Stafford Festival Shakespeare
From 22 June 2017 to 08 July 2017
Review by Steve Orme
It’s 1924. Prospero is shipwrecked with his young daughter. He pulls out a pistol and shoots. Cut to New Year’s Eve 1936. Passengers on a cruise liner groan as a ventriloquist delivers a number of dreadful jokes. A singer bursts into a rendition of "It Don’t Mean a Thing if it Ain’t Got That Swing" as two tap dancers take to the stage.
For 12 minutes, it’s obvious that this is a version of The Tempest like no other. Purists will undoubtedly baulk at the liberties taken by director Clare Prenton. But it’s one of the reasons why Stafford Festival Shakespeare has a broad appeal and often attracts people attending their first play.
Prenton opts for a post-colonial take on Shakespeare’s late romance. The production is set on an Italian-occupied island off the coast of Somalia against a backdrop of luxury liners and Hollywood glamour.
This allows Prenton to look at Caliban as an ordinary Somalian. This is the main drawback with the interpretation because Zephryn Taitte’s appearance doesn’t sit well with the repeated references to him as a monster.
Some of Prenton’s detailed touches may also be over the heads of the audience which is a pity. Once you accept that Prospero is younger and Ferdinand older than they are usually portrayed and lords have become ladies, this version of The Tempest has a lot to commend it.
After the opening sequence, the ship carrying the king and his courtiers is wrecked in spectacular fashion, although the sound effects are too loud and drown out Gonzalo’s reassuring words.
Stephen Beckett who plays Prospero admits in a trailer for the show that he didn’t know the play before he was cast. This means he approached the role with no preconceived ideas. Beckett, known for playing PC Mike Jarvis in the television series The Bill, gives an arresting performance. He grows into the role, being totally convincing by the time he gets to the line “the rarer action is in virtue than vengeance” as he forgives those who have wronged him.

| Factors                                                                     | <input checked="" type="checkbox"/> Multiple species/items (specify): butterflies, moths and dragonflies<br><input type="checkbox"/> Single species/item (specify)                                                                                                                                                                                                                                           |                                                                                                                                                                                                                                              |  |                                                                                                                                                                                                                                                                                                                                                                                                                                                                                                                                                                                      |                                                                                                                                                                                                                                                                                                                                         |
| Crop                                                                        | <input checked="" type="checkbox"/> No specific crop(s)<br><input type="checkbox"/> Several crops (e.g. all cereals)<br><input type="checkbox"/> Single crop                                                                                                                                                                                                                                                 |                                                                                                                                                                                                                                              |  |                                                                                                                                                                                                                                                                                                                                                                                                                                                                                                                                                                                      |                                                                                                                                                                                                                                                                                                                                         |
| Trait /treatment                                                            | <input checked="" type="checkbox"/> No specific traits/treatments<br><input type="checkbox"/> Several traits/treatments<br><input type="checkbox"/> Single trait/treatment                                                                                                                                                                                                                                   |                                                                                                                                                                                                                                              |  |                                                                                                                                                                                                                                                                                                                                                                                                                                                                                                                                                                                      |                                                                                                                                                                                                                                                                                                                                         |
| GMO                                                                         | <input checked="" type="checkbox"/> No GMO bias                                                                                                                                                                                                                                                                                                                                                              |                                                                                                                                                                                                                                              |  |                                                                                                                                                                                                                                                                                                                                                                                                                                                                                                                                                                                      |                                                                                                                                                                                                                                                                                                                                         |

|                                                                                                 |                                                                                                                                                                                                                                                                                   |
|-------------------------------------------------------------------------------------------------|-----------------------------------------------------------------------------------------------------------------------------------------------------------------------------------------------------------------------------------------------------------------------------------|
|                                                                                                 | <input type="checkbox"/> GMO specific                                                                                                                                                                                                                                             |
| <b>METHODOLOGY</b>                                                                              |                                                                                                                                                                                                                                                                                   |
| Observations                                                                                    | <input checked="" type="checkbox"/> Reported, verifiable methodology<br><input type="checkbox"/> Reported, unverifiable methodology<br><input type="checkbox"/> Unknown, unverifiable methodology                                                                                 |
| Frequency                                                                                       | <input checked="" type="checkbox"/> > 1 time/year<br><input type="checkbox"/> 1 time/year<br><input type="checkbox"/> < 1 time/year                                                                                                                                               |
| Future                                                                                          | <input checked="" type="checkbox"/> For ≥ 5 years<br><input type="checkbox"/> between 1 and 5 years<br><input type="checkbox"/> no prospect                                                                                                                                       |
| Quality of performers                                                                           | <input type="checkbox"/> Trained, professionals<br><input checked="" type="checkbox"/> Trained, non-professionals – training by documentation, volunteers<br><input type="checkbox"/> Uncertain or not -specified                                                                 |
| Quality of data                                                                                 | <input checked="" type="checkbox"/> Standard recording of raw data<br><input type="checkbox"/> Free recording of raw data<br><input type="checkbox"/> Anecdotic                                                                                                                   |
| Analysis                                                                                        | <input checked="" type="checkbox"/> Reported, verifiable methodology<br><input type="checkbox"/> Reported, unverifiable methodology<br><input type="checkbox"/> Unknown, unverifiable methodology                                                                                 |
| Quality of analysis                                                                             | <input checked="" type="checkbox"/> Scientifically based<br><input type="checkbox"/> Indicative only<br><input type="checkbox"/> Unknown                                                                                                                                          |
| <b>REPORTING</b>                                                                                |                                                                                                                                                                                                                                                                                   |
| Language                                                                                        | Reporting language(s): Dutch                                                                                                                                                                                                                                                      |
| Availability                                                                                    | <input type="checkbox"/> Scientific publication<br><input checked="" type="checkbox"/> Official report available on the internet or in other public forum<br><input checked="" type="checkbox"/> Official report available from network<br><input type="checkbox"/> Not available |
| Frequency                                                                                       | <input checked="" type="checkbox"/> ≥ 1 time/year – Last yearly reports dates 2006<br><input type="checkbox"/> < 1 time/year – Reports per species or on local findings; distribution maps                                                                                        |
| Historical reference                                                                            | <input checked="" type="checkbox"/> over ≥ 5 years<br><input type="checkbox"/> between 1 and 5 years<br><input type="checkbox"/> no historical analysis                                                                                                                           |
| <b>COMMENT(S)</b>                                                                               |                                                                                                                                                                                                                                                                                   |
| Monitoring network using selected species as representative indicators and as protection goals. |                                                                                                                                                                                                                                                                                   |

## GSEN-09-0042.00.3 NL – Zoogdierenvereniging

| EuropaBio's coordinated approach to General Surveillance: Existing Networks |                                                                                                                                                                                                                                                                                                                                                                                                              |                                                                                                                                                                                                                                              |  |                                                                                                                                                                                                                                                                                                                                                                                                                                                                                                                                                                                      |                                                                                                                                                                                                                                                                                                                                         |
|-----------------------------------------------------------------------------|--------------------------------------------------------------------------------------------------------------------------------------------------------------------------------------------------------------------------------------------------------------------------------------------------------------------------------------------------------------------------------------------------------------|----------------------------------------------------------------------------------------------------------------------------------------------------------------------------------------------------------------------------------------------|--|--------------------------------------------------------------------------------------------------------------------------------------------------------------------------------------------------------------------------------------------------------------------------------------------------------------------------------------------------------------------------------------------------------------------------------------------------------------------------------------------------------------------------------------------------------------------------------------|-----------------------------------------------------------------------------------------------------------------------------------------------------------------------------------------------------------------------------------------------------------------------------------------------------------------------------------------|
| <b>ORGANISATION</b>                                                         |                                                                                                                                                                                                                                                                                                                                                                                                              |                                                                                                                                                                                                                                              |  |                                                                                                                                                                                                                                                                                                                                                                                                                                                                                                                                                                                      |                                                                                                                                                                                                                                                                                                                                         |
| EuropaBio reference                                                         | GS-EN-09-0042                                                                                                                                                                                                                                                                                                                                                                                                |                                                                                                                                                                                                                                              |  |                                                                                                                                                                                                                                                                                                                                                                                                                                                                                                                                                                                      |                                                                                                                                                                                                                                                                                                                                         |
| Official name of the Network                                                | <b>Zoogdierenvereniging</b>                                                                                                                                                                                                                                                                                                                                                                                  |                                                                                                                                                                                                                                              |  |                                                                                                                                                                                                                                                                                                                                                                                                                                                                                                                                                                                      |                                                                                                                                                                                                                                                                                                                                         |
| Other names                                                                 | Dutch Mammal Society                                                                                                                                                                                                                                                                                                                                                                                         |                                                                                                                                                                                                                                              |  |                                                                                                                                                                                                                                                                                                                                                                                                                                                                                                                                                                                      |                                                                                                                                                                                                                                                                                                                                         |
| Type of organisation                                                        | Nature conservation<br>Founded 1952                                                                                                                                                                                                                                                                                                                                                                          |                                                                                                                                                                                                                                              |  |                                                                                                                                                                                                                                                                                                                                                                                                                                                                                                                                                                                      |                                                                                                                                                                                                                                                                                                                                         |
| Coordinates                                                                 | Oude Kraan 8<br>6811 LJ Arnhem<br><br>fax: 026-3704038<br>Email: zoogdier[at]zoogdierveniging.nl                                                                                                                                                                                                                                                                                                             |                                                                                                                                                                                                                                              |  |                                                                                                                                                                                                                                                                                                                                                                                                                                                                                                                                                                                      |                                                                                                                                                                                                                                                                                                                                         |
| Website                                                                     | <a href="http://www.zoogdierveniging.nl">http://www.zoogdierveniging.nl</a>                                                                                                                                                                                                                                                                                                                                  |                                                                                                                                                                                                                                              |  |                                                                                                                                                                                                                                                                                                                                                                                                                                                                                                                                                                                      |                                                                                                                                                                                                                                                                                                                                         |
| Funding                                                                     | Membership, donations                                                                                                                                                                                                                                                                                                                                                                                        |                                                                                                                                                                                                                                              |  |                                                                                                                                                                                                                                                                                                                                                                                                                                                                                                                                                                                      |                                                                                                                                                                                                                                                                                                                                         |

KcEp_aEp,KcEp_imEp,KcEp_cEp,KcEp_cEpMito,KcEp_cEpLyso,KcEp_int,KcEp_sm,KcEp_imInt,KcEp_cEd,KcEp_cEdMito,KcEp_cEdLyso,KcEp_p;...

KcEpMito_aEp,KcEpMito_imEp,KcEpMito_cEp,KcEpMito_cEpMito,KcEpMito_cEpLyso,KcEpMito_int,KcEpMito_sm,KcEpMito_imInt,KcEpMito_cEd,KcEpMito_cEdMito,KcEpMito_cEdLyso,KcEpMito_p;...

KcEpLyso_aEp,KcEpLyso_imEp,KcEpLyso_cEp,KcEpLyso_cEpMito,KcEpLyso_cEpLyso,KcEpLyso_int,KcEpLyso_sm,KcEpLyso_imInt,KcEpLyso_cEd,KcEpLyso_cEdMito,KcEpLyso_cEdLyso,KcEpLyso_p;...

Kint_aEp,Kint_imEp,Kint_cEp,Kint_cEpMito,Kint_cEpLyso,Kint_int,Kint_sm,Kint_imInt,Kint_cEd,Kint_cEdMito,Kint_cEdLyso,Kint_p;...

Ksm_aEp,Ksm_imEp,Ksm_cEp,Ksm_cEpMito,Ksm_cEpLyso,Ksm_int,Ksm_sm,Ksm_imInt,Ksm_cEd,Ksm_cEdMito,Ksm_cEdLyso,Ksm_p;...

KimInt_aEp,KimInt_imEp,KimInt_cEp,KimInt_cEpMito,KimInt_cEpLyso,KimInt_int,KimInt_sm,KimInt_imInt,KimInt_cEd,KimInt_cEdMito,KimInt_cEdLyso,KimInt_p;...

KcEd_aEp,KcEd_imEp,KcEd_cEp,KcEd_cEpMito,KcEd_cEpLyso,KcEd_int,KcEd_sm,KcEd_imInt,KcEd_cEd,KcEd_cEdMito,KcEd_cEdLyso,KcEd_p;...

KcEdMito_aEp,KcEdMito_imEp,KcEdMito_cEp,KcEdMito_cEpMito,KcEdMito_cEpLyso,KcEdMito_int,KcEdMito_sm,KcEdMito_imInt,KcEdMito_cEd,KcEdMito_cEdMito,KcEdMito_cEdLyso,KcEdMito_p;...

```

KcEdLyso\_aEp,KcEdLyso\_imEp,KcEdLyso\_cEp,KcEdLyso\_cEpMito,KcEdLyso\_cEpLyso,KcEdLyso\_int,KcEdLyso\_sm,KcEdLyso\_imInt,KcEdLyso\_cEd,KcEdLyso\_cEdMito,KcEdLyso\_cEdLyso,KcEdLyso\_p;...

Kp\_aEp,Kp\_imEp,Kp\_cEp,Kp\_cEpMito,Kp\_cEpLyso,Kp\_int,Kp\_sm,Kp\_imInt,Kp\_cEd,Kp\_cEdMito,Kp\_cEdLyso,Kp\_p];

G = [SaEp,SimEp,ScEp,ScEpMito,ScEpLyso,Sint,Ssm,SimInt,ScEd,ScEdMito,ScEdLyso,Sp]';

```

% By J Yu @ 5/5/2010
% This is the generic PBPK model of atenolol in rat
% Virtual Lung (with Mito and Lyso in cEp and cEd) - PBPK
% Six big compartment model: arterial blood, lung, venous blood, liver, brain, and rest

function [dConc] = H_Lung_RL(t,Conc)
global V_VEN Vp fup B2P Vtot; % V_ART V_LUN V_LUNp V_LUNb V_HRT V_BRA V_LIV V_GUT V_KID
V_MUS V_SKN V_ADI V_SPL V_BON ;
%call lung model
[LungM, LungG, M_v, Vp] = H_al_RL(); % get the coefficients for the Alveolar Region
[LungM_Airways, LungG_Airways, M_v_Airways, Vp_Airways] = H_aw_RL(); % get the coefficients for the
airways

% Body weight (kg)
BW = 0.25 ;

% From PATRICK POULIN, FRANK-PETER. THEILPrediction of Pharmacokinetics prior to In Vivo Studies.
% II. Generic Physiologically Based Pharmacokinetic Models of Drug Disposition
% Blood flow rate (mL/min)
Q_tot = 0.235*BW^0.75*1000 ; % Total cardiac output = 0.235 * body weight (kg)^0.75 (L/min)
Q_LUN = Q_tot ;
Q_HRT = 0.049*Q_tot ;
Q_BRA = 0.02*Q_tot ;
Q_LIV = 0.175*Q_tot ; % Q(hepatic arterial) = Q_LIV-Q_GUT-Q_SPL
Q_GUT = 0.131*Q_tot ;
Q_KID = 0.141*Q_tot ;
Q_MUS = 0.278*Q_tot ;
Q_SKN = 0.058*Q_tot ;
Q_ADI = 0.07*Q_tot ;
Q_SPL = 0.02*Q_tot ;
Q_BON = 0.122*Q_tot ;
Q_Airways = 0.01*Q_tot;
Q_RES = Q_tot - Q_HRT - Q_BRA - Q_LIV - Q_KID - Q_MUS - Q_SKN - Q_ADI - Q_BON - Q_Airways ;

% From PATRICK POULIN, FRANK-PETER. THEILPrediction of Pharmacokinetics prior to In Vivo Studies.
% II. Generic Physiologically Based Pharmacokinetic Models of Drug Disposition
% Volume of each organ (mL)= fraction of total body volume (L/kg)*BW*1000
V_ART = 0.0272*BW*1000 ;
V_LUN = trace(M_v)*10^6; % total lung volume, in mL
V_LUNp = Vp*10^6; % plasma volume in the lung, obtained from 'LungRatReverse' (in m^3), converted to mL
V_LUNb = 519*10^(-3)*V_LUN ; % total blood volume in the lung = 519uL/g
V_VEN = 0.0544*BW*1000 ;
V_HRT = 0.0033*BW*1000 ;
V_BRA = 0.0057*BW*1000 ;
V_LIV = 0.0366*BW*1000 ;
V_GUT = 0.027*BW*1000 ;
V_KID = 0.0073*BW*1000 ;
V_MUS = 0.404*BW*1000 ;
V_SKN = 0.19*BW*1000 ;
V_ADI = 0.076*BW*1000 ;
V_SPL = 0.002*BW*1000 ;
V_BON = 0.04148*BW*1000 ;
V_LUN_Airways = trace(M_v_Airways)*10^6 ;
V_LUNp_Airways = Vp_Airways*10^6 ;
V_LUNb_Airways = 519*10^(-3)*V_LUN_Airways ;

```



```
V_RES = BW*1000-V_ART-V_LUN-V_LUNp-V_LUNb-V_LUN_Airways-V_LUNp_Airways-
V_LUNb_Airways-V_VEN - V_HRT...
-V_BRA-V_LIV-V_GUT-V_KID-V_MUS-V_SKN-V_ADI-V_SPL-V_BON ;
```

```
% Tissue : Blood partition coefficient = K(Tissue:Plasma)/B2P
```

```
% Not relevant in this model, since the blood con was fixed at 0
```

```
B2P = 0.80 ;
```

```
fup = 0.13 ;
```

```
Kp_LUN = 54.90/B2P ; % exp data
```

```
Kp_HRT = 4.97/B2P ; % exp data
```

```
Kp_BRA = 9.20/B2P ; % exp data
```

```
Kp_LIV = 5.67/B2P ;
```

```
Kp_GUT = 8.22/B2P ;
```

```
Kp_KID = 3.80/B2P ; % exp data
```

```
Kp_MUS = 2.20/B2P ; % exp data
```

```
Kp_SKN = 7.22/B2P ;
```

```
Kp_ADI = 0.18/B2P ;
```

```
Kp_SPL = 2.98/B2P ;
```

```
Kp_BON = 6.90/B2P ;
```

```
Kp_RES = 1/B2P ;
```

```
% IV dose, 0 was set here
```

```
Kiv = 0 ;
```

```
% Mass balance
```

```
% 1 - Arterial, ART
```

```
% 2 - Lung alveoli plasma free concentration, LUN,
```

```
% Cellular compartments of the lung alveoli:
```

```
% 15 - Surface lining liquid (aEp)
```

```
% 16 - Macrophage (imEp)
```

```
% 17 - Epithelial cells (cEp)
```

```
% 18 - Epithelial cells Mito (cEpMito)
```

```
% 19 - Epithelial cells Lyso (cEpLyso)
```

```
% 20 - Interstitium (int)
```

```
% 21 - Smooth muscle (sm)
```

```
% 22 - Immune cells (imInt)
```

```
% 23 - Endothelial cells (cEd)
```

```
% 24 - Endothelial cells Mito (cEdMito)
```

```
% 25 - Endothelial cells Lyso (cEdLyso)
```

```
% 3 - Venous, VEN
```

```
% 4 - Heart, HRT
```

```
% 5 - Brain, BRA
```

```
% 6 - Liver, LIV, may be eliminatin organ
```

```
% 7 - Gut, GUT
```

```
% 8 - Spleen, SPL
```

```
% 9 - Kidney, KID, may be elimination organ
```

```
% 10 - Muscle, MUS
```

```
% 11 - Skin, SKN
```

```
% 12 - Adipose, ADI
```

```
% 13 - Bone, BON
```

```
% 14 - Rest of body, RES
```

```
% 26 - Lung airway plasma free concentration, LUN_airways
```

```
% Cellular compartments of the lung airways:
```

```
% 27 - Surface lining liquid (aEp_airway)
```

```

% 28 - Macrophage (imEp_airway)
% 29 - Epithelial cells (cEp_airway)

With tuition from magicians Morgan and West—who are hardly credited in the programme—Beckett performs a couple of clever illusions, at one point making a bottle of wine disappear.
James Hornsby (Trinculo), Jonathan Charles (Stephano) and Taitte have more conventional ways of making wine disappear. Their scene in which all three are drunk and Caliban decides to make Stephano his new master is hilarious and expertly played.
Gavin Swift gives Ariel an earthy quality. He is a mature spirit whose imprisonment by the witch Sycorax made him a reluctant servant—but his love for Prospero emerges gradually.
Grace Carter shows us a feisty Miranda who is bewildered yet elated with the brave new world she experiences while Reece Richardson gives Ferdinand the stately bearing of a future king despite having to carry out menial tasks.
James Lawrence and Morgan Philpott catch the eye as the scheming Sebastian and Antonio. There is also an excellent portrayal by Richard Gibson of wise old counsellor Gonzalo.
This version of The Tempest may cause a storm of protest among those who prefer their Shakespeare in a traditional form. But Prenton’s insightful direction and Frances Collier’s delightfully atmospheric set ensure it takes audiences on a memorable journey.